Brexit might have been an issue dividing Europe over the past few years but Vladmir Putin's Russia could be more than a unifying force for the continent which, like the Cold War years, is apprehending the Kremlin's design to expand its influence into its backyard.
The European Union (EU) recently has recalled its ambassador from Russia after various European leaders backed UK Prime Minister Theresa May over the poisoning of a former Russian double agent and his daughter in Salisbury in England.
PM May has expressed her utter displeasure over the incident saying Russia doesn't respect borders and such acts form a part of the Kremlin's pattern of aggression against Europe. A number of EU member states were also likely to expel diplomats in an effort to curb Putin's spy network.
The EU supported the UK PM by adopting a statement which declared that it was highly likely that Russia was responsible for the poisoning of 66-year-old Sergei Skripal and his daughter Yulia,33, with a dangerous nerve agent.
Russia has a history of carrying out assassinations on Britain's soil. American intelligence services have linked Russia with over a dozen deaths in the UK over the last two decades.
The latest call for solidarity against Russia is significant for earlier this week, the declaration made by the foreign ministers did not blame Moscow.
Now, Britain's diplomats have started believing that with a number of EU members holding Russia responsible for the Salisbury incident, the UK's stance on Russia becomes stronger and would send Putin a strong message. Countries like France, Poland, Lithuania and Latvia are likely to expel Russian diplomats to strengthen the UK's position.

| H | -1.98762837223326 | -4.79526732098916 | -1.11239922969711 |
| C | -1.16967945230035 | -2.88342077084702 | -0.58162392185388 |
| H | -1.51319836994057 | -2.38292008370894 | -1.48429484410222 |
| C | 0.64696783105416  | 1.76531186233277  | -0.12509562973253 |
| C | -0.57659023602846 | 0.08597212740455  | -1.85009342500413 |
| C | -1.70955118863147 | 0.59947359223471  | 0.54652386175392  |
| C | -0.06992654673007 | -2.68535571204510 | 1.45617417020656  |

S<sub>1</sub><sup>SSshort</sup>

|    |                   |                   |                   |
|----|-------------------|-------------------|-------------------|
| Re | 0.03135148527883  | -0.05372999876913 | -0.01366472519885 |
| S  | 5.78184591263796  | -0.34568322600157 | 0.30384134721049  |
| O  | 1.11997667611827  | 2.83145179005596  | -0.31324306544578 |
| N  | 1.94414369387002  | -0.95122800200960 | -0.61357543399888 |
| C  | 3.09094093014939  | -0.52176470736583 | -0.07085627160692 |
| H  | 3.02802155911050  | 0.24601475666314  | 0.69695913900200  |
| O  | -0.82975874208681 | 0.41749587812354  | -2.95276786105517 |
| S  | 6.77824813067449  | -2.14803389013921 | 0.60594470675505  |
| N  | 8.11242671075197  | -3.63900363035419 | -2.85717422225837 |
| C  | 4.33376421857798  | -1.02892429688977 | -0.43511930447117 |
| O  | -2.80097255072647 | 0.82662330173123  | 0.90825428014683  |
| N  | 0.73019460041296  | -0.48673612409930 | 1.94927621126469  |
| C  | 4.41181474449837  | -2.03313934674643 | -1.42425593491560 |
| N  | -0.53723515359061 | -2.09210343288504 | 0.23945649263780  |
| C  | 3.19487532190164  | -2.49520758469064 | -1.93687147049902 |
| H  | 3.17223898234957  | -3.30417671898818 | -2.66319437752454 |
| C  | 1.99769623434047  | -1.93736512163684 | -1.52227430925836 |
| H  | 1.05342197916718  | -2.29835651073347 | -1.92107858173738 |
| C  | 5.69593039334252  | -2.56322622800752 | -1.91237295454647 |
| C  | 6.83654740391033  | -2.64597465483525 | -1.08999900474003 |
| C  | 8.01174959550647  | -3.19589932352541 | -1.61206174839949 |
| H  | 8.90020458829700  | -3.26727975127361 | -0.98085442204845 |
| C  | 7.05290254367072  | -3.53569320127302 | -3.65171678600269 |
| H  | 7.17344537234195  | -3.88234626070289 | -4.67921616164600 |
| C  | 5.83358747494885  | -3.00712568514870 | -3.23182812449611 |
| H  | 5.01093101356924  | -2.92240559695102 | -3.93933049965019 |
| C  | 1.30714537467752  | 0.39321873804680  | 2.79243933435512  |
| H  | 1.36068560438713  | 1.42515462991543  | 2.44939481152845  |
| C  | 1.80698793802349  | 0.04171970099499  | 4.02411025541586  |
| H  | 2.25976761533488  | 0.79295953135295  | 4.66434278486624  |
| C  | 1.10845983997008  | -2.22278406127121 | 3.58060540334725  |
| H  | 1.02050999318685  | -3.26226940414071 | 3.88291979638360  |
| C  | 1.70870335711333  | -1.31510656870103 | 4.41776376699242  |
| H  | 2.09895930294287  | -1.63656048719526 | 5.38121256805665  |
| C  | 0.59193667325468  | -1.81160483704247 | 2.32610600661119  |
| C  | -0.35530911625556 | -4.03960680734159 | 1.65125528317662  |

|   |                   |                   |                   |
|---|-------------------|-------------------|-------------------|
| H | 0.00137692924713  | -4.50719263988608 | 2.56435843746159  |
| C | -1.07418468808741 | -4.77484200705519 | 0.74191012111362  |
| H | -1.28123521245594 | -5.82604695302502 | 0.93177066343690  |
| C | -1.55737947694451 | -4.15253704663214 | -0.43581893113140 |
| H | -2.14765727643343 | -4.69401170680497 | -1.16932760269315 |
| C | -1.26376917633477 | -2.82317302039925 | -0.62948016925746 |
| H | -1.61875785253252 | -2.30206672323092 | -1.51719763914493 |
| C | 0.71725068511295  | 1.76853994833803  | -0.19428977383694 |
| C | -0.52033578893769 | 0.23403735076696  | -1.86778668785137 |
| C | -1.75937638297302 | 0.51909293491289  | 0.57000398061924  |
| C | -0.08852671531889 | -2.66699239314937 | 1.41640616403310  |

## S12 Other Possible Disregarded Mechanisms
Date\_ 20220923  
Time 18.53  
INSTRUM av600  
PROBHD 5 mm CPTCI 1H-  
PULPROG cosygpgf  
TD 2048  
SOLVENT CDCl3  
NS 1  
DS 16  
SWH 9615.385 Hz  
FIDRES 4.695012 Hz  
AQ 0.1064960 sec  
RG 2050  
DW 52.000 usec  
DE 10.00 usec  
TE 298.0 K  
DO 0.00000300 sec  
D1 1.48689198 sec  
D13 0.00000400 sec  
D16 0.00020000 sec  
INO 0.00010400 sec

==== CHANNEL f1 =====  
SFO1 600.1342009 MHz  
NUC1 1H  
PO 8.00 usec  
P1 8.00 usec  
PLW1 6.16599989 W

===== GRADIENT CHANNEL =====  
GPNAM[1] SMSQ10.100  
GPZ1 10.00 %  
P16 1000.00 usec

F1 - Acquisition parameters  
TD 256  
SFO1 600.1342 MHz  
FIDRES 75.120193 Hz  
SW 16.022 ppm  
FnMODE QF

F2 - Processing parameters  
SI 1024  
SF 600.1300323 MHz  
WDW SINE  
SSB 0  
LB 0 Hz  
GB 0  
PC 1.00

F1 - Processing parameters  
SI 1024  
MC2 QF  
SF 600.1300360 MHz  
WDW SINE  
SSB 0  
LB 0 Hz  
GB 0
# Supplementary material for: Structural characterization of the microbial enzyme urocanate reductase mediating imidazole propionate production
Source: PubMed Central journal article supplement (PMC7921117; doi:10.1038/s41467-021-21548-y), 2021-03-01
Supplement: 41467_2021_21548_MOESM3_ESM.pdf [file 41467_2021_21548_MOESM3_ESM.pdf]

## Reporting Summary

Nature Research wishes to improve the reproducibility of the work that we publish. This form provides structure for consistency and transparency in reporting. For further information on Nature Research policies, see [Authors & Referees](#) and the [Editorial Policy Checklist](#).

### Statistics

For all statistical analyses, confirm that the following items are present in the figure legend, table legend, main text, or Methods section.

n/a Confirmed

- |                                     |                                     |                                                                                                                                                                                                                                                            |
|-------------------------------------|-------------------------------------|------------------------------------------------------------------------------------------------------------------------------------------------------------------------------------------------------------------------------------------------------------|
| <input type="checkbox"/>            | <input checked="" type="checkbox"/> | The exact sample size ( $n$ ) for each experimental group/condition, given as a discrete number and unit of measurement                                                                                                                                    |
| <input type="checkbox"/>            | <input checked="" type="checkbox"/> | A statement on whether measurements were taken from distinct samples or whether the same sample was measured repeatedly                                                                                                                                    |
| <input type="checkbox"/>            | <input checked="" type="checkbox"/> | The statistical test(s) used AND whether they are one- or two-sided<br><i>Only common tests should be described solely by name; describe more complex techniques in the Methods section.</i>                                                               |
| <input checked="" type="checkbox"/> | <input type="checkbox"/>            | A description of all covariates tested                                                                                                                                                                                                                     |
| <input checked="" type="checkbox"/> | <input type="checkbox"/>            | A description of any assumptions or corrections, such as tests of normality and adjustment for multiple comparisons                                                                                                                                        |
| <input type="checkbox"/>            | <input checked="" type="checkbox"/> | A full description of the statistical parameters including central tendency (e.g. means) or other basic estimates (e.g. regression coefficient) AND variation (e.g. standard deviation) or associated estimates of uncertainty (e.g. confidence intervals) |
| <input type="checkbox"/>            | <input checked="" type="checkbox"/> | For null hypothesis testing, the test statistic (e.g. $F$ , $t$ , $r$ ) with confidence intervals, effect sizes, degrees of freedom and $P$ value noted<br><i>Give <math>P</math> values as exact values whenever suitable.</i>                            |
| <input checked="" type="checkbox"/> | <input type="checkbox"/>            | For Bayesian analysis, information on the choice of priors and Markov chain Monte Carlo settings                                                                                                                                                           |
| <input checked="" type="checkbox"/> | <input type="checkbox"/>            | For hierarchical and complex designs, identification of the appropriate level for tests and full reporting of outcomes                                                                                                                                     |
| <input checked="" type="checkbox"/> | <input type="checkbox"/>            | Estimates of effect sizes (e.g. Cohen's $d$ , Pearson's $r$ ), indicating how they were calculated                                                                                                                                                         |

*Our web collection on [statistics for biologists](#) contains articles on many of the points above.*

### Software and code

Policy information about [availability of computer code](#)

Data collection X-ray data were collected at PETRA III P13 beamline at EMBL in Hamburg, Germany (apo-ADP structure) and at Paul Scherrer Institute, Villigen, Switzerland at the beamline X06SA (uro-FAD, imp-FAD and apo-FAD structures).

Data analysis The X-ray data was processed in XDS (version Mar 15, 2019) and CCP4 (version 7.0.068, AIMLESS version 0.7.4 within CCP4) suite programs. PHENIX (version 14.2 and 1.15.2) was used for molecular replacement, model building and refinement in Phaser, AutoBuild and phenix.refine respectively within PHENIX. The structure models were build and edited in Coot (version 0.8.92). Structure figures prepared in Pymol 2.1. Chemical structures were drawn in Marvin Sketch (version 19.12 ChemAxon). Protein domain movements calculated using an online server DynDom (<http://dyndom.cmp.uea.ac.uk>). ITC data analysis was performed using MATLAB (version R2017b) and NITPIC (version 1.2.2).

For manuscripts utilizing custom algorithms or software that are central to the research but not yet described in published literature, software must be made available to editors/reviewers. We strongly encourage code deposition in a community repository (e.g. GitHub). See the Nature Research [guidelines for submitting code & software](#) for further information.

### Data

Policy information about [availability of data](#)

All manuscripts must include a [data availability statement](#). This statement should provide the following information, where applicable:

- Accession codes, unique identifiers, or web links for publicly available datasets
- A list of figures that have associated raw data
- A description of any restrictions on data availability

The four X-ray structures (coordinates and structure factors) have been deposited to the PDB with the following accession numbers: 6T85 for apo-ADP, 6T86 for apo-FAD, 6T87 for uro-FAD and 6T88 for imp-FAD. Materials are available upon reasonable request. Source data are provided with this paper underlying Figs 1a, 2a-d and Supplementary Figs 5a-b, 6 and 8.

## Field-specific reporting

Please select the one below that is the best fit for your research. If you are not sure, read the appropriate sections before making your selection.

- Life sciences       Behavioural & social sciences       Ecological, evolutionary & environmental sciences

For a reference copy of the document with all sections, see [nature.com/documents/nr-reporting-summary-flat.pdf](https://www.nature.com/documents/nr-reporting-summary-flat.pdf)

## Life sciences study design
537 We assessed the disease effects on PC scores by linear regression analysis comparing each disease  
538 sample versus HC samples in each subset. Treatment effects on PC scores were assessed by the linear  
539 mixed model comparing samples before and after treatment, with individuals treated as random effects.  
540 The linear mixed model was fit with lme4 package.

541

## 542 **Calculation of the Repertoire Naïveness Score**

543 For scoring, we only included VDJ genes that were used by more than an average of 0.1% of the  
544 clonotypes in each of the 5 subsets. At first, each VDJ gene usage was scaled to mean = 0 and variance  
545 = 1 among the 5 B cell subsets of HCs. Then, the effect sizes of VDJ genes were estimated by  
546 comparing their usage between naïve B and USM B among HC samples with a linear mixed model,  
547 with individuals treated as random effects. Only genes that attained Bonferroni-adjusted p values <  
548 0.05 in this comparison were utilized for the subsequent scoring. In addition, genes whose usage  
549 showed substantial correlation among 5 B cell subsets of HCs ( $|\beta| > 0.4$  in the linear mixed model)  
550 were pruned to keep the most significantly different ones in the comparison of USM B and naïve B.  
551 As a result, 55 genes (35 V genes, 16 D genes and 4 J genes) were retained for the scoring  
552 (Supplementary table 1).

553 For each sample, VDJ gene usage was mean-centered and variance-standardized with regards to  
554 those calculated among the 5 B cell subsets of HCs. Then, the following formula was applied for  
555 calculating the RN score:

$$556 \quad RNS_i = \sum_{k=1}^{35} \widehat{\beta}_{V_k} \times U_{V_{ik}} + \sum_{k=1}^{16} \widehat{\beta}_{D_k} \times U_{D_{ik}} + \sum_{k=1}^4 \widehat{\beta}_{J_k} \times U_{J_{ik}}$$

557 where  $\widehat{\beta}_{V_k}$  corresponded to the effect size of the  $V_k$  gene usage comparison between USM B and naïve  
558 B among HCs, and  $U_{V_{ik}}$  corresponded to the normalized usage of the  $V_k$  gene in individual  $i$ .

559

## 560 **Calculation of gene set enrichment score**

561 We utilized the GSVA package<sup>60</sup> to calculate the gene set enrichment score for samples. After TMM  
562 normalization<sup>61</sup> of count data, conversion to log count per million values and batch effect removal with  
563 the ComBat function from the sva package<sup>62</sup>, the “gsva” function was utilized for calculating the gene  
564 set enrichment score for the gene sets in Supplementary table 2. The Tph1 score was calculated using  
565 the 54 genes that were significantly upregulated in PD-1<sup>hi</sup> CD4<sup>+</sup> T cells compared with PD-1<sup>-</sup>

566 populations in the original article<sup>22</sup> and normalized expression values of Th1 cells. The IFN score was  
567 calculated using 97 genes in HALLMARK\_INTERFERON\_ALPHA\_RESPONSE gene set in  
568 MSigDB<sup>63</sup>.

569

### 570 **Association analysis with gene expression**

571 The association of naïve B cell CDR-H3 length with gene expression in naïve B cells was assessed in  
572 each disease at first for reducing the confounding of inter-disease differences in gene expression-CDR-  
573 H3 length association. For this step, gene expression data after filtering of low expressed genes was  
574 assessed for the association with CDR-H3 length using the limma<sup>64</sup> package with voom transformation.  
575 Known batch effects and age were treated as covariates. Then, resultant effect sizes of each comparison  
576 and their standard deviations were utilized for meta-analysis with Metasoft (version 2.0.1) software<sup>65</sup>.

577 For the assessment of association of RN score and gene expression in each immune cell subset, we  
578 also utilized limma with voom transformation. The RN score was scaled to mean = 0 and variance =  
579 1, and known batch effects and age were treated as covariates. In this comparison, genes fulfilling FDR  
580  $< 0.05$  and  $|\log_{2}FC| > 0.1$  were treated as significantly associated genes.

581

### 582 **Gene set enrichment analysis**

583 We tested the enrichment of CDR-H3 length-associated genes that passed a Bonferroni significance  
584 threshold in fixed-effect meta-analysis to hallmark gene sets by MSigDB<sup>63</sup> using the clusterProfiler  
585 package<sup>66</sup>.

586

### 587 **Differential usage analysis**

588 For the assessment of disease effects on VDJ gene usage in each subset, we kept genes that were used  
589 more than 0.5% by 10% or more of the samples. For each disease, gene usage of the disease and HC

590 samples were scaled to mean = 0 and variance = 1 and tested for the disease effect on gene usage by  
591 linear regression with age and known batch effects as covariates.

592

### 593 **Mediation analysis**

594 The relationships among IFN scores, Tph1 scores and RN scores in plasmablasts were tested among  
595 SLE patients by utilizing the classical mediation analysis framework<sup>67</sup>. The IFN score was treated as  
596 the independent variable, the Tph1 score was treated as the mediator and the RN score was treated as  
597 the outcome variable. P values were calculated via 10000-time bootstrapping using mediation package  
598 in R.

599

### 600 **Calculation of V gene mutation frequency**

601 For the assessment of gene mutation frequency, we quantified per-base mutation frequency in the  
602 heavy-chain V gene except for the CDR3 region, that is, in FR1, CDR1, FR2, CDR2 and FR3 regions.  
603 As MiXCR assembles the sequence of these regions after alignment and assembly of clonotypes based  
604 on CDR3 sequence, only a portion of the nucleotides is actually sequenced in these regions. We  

Brexit and Russia put UK in a paradox
The UK's stance in the wake of the Salisbury incident has an element of paradox in it. Prime Minister May's Brussels visits nowadays (she went there on Thursday to attend a European Council summit) are more linked up with Brexit where nationalism outsmarts internationalism.
But the Salisbury incident has seen the same premier seeking more international solidarity to put up a strong defence against Putin who recently won his fourth presidential term. Here, the British leadership is concerned less about nationalism but cooperation across the borders. Two-faced policy, isn't it?
UK has apprehensions against Russia
The UK has two major apprehensions against Russia. First, it thinks Russia could not just expel British intelligence officers from its territory and reveal their identities and secondly, the UK is dependent on Russian gas especially in winter and because the reserves in Europe have touched the nadir.
This has put the UK in need of a diplomatic front against Russia and May is heard speaking about the need for a "European democracy" where the country would stand shoulder to shoulder with the EU and NATO to face Russian threats.
It will be interesting to see how the UK merges the two distinct narratives that Brexit and Russia bring along. The UK shared intelligence with the EU members following the expulsion of 23 Russian diplomats from its soil.
Post-Brexit, data flow could be a concern
Though intelligence flows have little to do with the EU as it happens more on a bilateral basis and both the EU and UK would like to maintain their closeness on this aspect after the divorce, data could be one thing over which the British spies would be concerned post Brexit.
Moving data across borders is a vital task and any hindrance to this flow, which Brexit is likely to create, would pose a challenge, feel officials. The sharing and retaining of data require conforming to EU's privacy safeguards and the UK's initiatives to strengthen the network in the future against the Russian designs could be thwarted by this.